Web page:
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ARS Home » Pacific West Area » Albany, California » Western Regional Research Center » Produce Safety and Microbiology Research » Research » Publications at this Location » Publication #349733

Research Project: Molecular Identification and Characterization of Bacterial and Viral Pathogens Associated with Foods

Location: Produce Safety and Microbiology Research

Title: Whole-genome sequencing-based characterization of 100 Listeria monocytogenes isolates collected from food processing environments over a four-year period

item HURLEY, DANIEL - University College Dublin
item LUQUE-SASTRE, LAURA - University Of Dublin
item Parker, Craig
item Huynh, Steven
item ESHWAR, ATHMANYA - University Of Zurich
item NGUYEN, SCOTT - University College Dublin
item ANDREWS, NICHOLAS - University College Dublin
item MOURA, ALEXANDRA - Institut Pasteur - France
item FOX, EDWARD - Commonwealth Scientific And Industrial Research Organisation (CSIRO)
item LEHNER, ANGELIKA - University Of Zurich
item STEPHAN, ROGER - University Of Zurich
item FANNING, SÉAMUS - University College Dublin

Submitted to: mSphere
Publication Type: Peer Reviewed Journal
Publication Acceptance Date: 7/12/2019
Publication Date: 8/7/2019
Citation: Hurley, D., Luque-Sastre, L., Parker, C., Huynh, S., Eshwar, A.K., Nguyen, S.V., Andrews, N., Moura, A., Fox, E.M., Jordan, K., Lehner, A., Stephan, R., Fanning, S. 2019. Whole-genome sequencing-based characterization of 100 Listeria monocytogenes isolates collected from food processing environments over a four-year period. mSphere. 4(4):e00252-19.

Interpretive Summary: This study extends current understanding of the genetic diversity among L. monocytogenes isolates within various food products and in the production environment of two related food processing environments. Application of WGS based strategies facilitated tracking of this pathogen of importance to human health along the production chain, whilst providing an assessment of the pathogenic potential for all L. monocytogenes isolates recovered. These analyses enabled the grouping of isolates into three virulence categories according to their genotypes along with assessment of their pathogenicity using the zebrafish embryo model. It also facilitated the identification of those isolates with genes conferring tolerance to commercially applied biocides. Findings from this study highlighted the potential for the application of WGS as a proactive tool to support food safety controls as applied to L. monocytogenes. A similar surveillance approach could be used for other pathogens of relevance to public health.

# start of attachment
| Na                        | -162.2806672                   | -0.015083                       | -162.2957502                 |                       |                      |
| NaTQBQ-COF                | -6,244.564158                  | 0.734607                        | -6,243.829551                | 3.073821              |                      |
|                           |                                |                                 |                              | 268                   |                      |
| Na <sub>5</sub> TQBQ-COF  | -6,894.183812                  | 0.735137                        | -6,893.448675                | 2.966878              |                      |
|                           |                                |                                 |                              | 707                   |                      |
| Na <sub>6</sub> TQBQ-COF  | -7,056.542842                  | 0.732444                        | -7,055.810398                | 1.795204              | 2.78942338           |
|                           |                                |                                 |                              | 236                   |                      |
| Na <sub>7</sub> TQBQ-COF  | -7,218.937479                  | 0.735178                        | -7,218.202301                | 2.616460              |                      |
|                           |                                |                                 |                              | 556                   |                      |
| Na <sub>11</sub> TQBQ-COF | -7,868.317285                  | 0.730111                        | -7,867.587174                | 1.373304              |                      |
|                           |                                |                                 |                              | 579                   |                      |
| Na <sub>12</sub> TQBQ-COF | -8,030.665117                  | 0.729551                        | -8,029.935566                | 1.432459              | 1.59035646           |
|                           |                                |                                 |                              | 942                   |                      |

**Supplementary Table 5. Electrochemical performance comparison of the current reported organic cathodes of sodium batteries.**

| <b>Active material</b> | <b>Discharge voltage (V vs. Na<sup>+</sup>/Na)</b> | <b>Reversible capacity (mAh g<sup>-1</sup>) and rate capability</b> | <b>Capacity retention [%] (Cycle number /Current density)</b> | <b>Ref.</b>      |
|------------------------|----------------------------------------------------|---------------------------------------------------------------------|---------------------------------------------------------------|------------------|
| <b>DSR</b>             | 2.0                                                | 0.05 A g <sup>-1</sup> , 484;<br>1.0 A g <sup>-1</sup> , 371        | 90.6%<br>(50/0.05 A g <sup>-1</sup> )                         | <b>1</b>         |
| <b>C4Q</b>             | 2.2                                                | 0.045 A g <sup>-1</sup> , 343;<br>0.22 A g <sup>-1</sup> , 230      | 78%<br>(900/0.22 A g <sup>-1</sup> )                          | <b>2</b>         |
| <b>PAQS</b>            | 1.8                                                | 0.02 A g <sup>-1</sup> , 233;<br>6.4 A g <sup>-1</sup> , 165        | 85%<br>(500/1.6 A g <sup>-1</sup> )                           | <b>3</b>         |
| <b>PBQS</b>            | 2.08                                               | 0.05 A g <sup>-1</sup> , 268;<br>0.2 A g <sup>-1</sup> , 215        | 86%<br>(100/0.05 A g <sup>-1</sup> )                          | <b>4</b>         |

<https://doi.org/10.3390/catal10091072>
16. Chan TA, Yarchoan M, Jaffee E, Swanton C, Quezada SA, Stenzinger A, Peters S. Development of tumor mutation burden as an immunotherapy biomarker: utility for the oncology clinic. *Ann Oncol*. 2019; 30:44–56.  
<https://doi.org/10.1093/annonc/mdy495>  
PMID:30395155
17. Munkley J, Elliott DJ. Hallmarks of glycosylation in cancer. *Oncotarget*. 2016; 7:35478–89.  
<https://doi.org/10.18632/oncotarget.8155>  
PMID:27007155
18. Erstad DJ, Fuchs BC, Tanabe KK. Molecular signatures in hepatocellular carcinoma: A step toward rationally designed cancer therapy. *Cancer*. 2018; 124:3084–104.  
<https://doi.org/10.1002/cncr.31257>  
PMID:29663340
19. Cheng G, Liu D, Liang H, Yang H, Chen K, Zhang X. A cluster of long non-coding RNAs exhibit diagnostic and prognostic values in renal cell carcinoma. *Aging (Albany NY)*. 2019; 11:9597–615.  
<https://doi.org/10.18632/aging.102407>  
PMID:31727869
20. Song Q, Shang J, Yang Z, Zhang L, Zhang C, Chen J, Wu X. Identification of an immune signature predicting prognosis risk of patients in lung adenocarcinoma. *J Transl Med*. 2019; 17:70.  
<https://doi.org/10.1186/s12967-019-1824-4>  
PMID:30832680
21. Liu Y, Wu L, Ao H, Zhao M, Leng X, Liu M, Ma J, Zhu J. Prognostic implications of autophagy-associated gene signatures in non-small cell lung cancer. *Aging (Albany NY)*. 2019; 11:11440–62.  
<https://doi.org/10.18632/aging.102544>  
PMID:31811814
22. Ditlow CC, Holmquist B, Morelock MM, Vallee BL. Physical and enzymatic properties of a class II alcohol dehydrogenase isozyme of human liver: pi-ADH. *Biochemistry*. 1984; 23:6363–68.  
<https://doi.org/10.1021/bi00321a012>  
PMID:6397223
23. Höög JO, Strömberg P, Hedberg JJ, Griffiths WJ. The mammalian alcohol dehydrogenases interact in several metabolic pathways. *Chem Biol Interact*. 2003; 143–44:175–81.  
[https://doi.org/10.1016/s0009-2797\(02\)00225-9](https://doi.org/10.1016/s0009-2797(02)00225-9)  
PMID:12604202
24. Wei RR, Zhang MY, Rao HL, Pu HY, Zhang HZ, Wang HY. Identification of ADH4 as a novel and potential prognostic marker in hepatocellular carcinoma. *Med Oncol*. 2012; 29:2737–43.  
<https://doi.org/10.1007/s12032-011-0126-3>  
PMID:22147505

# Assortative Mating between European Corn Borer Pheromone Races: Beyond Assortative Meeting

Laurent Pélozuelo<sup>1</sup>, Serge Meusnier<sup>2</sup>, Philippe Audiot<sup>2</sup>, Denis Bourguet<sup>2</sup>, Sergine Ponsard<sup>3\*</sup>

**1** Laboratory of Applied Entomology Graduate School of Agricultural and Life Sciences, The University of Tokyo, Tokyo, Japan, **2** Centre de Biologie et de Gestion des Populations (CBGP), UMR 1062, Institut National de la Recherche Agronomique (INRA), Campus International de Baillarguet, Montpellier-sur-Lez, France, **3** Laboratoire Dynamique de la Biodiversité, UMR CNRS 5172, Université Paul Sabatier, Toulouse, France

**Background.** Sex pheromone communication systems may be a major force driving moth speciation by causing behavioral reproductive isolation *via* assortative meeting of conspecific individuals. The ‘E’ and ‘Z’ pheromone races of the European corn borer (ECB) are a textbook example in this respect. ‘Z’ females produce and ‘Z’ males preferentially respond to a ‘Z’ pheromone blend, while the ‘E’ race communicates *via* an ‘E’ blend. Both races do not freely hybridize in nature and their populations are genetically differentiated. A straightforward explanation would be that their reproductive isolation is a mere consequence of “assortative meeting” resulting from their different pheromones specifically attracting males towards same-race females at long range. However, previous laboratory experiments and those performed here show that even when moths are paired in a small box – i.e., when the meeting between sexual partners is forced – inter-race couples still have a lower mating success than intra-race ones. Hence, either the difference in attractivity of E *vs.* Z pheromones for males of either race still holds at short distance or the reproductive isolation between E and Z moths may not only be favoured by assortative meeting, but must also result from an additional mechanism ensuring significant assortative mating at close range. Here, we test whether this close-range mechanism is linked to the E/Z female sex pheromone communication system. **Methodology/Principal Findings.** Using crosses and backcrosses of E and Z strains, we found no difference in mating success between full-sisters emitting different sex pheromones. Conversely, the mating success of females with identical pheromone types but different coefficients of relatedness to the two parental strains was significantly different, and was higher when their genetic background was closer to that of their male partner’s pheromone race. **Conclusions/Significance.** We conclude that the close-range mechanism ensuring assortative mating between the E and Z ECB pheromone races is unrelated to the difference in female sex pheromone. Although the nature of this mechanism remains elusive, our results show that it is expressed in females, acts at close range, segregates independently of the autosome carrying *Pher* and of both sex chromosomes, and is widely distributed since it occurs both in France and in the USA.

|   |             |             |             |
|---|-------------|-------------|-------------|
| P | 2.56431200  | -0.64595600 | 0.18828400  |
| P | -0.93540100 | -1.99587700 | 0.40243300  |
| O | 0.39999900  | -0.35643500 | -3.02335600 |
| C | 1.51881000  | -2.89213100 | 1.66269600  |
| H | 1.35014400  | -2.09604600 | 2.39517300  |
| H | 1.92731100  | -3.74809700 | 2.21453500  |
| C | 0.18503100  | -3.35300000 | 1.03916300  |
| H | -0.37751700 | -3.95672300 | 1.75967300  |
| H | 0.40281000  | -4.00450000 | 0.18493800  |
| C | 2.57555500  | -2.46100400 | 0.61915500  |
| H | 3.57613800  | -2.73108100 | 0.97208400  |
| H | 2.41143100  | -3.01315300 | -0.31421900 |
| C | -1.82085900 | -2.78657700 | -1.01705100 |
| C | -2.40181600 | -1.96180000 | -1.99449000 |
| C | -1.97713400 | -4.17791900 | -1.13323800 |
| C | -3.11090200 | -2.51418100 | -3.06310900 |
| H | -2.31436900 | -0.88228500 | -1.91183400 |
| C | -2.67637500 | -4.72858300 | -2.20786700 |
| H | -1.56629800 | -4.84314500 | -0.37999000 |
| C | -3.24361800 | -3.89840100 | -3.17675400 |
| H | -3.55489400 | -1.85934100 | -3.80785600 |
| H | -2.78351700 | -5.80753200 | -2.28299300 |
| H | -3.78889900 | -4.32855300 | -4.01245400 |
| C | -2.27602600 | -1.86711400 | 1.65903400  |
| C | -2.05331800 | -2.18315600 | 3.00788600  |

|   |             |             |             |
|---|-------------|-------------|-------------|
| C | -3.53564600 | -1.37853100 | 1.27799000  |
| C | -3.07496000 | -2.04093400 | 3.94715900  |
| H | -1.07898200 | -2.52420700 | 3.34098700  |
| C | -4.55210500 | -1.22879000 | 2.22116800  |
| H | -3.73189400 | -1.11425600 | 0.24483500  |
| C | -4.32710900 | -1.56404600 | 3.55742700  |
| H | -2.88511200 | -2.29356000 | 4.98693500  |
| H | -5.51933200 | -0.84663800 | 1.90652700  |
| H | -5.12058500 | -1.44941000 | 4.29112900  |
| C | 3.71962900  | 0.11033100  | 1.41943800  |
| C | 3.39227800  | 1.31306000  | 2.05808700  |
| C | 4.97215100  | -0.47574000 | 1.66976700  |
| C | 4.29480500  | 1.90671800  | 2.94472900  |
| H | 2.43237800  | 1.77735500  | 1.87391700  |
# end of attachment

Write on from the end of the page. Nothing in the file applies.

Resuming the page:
Technical Abstract: Listeria monocytogenes is frequently found in food and processing facilities, where it can persist creating a large concern for the food industry. Its ability to survive under a wide range of environmental conditions enhances the potential for cross contamination of final food products, leading to possible outbreaks of listeriosis. In this study, whole-genome sequencing (WGS) was applied as a surveillance tool to track and characterize L. monocytogenes in two related food processing environments. One hundred L. monocytogenes isolates from environmental and food samples were sequenced and subsequently used to (i) assess the genomic diversity of L. monocytogenes isolates, (ii) identify possible source(s) of contamination, cross contamination routes and persistence, (iii) detect presence/absence of antimicrobial resistance-encoding genes, (iv) assess their virulence profiles and (v) assess in vivo pathogenicity of L. monocytogenes isolates with different virulence profiles. The predominant L. monocytogenes sublineages (SL) were SL101 (21%), followed by SL9 (17%), SL121 (12%) and SL5 (12%). Benzalkonium chloride tolerance genes were found in 62% of the isolates, which increased to 73% when just considering putative persistent subgroups; the most predominant gene was emrC followed by bcrABC, qacH-Tn6188 and qacC. The L. monocytogenes major virulence factor inlA was truncated in 31% of the isolates and one environmental isolate harboured all major virulence factors, including LIPI-4, which has been shown to confer hypervirulence. Zebrafish infection assay results showed a low (3%) zebrafish survival rate for all the hypervirulent isolates and higher survival rates for intermediate (20%) and hypovirulent isolates (53-83%), suggesting that they have different pathogenic potentials